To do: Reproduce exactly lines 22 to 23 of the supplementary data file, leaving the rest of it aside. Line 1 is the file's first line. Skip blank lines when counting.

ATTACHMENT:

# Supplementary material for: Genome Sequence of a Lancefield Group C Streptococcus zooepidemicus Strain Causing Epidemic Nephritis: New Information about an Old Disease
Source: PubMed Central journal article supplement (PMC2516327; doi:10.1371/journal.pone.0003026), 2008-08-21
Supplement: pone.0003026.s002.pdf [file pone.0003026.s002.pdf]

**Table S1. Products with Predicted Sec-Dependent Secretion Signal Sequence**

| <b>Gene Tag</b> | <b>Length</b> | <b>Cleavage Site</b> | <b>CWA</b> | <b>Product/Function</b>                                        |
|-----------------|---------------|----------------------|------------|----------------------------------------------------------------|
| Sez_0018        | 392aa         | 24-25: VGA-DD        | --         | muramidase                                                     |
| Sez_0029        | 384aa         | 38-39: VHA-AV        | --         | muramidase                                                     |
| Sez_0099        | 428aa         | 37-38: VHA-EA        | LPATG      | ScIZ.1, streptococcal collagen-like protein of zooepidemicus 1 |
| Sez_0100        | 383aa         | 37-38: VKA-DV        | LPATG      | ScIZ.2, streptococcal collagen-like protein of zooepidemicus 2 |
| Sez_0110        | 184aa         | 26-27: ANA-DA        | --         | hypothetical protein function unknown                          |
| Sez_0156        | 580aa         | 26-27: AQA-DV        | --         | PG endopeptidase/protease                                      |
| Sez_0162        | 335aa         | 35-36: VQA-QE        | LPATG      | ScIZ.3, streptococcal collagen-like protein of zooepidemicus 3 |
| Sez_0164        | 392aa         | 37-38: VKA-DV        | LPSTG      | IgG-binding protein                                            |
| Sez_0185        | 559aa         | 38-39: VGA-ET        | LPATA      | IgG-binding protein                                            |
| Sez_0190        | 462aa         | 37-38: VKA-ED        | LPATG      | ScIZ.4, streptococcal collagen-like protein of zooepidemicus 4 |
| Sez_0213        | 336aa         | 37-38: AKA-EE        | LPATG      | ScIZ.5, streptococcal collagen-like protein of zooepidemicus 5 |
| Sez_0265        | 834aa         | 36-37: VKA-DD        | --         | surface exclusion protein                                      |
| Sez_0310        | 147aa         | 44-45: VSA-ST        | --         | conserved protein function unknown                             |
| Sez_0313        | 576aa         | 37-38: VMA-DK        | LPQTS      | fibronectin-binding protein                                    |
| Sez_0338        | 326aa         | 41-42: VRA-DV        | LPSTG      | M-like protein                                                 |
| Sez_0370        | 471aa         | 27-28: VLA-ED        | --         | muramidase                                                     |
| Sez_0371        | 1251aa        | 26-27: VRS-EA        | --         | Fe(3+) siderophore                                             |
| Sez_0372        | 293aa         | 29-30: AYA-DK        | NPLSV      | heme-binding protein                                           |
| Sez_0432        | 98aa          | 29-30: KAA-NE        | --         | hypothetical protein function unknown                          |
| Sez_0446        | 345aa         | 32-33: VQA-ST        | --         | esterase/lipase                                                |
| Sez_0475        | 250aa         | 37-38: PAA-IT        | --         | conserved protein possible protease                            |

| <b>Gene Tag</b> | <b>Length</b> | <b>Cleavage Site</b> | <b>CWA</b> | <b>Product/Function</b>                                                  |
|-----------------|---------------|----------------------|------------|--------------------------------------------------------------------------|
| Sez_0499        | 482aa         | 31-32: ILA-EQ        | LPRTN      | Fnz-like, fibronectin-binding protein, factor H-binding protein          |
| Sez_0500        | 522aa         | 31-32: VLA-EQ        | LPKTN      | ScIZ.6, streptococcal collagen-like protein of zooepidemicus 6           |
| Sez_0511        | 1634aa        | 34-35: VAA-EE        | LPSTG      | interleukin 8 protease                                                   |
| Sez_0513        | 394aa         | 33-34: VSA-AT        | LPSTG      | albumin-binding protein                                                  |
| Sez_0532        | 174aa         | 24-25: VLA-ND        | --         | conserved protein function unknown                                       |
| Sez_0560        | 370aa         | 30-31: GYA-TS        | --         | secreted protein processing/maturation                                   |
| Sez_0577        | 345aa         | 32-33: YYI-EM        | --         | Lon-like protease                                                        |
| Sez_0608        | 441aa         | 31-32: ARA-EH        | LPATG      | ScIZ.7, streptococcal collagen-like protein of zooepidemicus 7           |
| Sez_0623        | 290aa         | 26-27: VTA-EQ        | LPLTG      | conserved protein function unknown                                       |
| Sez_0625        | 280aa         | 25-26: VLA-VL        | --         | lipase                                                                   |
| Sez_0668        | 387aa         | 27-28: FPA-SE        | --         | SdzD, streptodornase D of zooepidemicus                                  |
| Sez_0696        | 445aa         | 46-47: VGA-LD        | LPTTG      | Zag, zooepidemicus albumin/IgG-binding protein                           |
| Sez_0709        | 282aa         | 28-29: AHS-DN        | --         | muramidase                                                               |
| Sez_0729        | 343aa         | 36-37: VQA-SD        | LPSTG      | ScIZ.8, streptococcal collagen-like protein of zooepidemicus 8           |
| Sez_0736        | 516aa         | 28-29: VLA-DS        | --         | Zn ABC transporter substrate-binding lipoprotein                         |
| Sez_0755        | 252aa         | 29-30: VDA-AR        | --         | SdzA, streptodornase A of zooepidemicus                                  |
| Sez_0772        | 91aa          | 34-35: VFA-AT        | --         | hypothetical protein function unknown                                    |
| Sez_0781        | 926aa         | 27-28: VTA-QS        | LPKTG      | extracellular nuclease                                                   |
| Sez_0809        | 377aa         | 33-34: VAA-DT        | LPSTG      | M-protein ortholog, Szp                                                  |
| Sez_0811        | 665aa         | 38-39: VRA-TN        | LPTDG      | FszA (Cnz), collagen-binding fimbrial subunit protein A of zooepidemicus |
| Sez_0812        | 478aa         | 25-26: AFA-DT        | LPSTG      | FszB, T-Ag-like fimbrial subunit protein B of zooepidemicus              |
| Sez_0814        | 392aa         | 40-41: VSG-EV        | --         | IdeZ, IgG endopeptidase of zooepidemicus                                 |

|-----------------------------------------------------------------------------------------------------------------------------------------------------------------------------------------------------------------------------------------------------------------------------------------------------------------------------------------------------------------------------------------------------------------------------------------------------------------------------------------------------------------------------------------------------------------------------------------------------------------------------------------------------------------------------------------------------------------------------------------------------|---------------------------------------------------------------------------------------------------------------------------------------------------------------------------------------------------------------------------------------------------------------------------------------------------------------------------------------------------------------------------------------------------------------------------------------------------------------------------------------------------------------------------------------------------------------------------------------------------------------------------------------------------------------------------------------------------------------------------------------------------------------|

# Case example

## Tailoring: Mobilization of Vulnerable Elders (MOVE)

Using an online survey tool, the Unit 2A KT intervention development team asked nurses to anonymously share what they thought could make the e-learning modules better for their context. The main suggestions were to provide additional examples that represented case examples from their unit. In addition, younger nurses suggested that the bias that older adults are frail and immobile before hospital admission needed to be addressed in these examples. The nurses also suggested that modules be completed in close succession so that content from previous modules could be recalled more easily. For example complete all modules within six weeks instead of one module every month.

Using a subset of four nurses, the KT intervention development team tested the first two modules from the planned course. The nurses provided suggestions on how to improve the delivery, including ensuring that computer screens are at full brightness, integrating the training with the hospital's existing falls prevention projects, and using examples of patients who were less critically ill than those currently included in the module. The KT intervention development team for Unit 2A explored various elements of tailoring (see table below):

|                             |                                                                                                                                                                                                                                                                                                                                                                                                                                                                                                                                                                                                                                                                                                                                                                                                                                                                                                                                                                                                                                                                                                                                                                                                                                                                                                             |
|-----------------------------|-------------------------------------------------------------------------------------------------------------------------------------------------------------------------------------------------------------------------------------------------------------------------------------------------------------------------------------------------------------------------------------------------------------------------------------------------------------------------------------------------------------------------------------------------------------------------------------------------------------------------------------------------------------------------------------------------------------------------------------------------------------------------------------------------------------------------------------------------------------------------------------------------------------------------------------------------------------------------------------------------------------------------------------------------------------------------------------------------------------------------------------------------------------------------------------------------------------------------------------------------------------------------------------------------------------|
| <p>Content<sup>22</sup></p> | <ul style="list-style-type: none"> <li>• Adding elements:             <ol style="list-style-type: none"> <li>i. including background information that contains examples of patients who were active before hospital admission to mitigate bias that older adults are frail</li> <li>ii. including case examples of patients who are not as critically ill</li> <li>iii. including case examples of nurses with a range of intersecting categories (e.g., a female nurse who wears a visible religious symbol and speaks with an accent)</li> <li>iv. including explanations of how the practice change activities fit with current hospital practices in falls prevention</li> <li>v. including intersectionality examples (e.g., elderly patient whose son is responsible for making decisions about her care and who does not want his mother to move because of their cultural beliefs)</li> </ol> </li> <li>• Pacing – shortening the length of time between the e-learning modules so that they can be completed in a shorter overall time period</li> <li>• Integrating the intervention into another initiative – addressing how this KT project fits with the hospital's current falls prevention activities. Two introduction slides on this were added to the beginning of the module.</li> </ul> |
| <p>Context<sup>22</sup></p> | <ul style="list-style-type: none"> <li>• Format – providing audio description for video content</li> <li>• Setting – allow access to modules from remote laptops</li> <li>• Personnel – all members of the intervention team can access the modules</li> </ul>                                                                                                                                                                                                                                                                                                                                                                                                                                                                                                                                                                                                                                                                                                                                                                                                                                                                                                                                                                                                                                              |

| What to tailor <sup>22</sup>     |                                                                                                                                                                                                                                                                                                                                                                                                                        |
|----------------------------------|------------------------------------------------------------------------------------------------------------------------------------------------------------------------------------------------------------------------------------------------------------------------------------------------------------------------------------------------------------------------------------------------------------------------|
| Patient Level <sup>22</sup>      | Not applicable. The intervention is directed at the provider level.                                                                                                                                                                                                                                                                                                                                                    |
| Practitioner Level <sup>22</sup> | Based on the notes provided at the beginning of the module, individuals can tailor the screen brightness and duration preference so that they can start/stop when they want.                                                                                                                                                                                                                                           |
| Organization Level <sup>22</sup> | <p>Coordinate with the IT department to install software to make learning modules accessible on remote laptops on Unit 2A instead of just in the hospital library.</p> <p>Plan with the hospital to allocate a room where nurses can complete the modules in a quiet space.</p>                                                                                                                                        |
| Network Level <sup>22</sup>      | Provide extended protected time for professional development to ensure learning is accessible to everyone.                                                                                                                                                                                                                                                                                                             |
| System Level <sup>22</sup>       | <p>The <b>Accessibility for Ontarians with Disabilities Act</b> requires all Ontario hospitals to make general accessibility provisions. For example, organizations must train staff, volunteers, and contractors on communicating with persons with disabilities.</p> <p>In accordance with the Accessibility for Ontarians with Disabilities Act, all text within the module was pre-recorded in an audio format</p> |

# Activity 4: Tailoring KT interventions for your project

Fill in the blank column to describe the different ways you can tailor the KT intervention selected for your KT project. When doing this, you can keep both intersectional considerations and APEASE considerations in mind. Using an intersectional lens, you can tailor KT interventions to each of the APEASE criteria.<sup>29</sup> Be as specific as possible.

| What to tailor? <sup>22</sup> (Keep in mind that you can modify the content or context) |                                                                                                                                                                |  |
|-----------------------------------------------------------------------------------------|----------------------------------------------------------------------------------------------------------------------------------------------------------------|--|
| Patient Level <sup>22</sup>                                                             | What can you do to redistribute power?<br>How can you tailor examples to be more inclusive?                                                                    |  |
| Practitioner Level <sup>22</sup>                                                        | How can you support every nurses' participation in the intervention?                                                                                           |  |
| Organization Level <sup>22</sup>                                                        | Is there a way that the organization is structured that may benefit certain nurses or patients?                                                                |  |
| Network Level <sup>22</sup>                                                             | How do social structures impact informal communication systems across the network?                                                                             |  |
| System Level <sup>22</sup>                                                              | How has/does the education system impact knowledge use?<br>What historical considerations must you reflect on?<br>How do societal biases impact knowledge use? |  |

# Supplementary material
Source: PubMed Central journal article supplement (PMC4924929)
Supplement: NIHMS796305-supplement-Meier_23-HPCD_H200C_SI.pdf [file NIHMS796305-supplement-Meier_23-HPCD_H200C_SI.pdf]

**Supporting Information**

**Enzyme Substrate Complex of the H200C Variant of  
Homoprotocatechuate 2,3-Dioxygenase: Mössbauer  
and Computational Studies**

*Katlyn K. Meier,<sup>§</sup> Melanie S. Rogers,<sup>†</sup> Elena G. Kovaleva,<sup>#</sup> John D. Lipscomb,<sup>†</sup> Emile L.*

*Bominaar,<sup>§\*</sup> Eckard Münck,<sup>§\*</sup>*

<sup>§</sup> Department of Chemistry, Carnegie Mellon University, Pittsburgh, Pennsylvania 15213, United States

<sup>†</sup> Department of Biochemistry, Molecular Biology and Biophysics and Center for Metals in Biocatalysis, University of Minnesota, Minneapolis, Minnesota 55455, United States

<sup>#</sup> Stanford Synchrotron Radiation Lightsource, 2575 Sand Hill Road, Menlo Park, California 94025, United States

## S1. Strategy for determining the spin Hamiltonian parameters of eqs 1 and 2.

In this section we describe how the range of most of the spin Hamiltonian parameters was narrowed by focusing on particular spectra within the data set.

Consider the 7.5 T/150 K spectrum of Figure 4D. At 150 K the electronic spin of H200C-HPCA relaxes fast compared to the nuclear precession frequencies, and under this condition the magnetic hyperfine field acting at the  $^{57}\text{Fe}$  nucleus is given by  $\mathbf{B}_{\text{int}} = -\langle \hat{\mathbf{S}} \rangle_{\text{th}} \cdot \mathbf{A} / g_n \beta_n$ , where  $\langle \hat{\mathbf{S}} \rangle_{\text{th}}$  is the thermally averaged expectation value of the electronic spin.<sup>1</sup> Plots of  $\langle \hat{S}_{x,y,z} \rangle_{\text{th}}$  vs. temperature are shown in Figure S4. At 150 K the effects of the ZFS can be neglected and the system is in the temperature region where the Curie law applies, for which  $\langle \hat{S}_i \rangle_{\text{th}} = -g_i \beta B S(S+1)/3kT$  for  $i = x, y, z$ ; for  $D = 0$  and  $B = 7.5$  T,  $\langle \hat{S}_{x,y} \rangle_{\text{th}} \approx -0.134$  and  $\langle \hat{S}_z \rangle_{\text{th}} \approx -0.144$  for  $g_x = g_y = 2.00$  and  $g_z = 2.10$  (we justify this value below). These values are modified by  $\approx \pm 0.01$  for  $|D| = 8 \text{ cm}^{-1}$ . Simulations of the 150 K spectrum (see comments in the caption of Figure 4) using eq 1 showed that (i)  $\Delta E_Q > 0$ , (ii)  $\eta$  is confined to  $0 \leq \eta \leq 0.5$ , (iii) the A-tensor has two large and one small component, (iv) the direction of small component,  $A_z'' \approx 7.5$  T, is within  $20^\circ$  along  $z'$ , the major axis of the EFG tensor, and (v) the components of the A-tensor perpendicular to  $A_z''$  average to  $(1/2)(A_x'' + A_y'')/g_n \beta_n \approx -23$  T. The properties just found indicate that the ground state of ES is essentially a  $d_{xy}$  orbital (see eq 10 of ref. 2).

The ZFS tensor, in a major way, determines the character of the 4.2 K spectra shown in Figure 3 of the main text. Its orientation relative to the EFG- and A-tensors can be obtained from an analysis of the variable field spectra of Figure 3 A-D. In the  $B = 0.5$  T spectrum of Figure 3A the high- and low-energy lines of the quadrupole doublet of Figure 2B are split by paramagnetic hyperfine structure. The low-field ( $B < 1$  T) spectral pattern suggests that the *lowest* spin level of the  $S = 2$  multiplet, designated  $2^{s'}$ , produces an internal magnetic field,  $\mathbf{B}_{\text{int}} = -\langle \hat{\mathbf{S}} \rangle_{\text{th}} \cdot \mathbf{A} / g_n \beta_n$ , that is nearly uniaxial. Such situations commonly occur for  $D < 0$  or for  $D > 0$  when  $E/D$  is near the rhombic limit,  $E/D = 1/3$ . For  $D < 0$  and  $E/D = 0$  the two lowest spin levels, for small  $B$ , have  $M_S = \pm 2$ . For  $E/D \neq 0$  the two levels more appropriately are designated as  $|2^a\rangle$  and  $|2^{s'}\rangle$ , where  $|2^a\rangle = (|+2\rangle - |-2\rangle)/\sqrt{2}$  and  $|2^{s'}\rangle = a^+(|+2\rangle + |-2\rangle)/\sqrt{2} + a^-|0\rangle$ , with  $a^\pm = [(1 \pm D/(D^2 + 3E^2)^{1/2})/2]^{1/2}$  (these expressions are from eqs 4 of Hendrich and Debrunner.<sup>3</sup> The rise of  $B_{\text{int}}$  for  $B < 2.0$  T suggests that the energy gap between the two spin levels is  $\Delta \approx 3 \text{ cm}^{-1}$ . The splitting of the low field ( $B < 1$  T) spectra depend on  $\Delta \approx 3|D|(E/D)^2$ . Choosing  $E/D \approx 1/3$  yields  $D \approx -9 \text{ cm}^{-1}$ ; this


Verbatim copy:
| Sez_0370        | 471aa         | 27-28: VLA-ED        | --         | muramidase                                                     |
| Sez_0371        | 1251aa        | 26-27: VRS-EA        | --         | Fe(3+) siderophore                                             |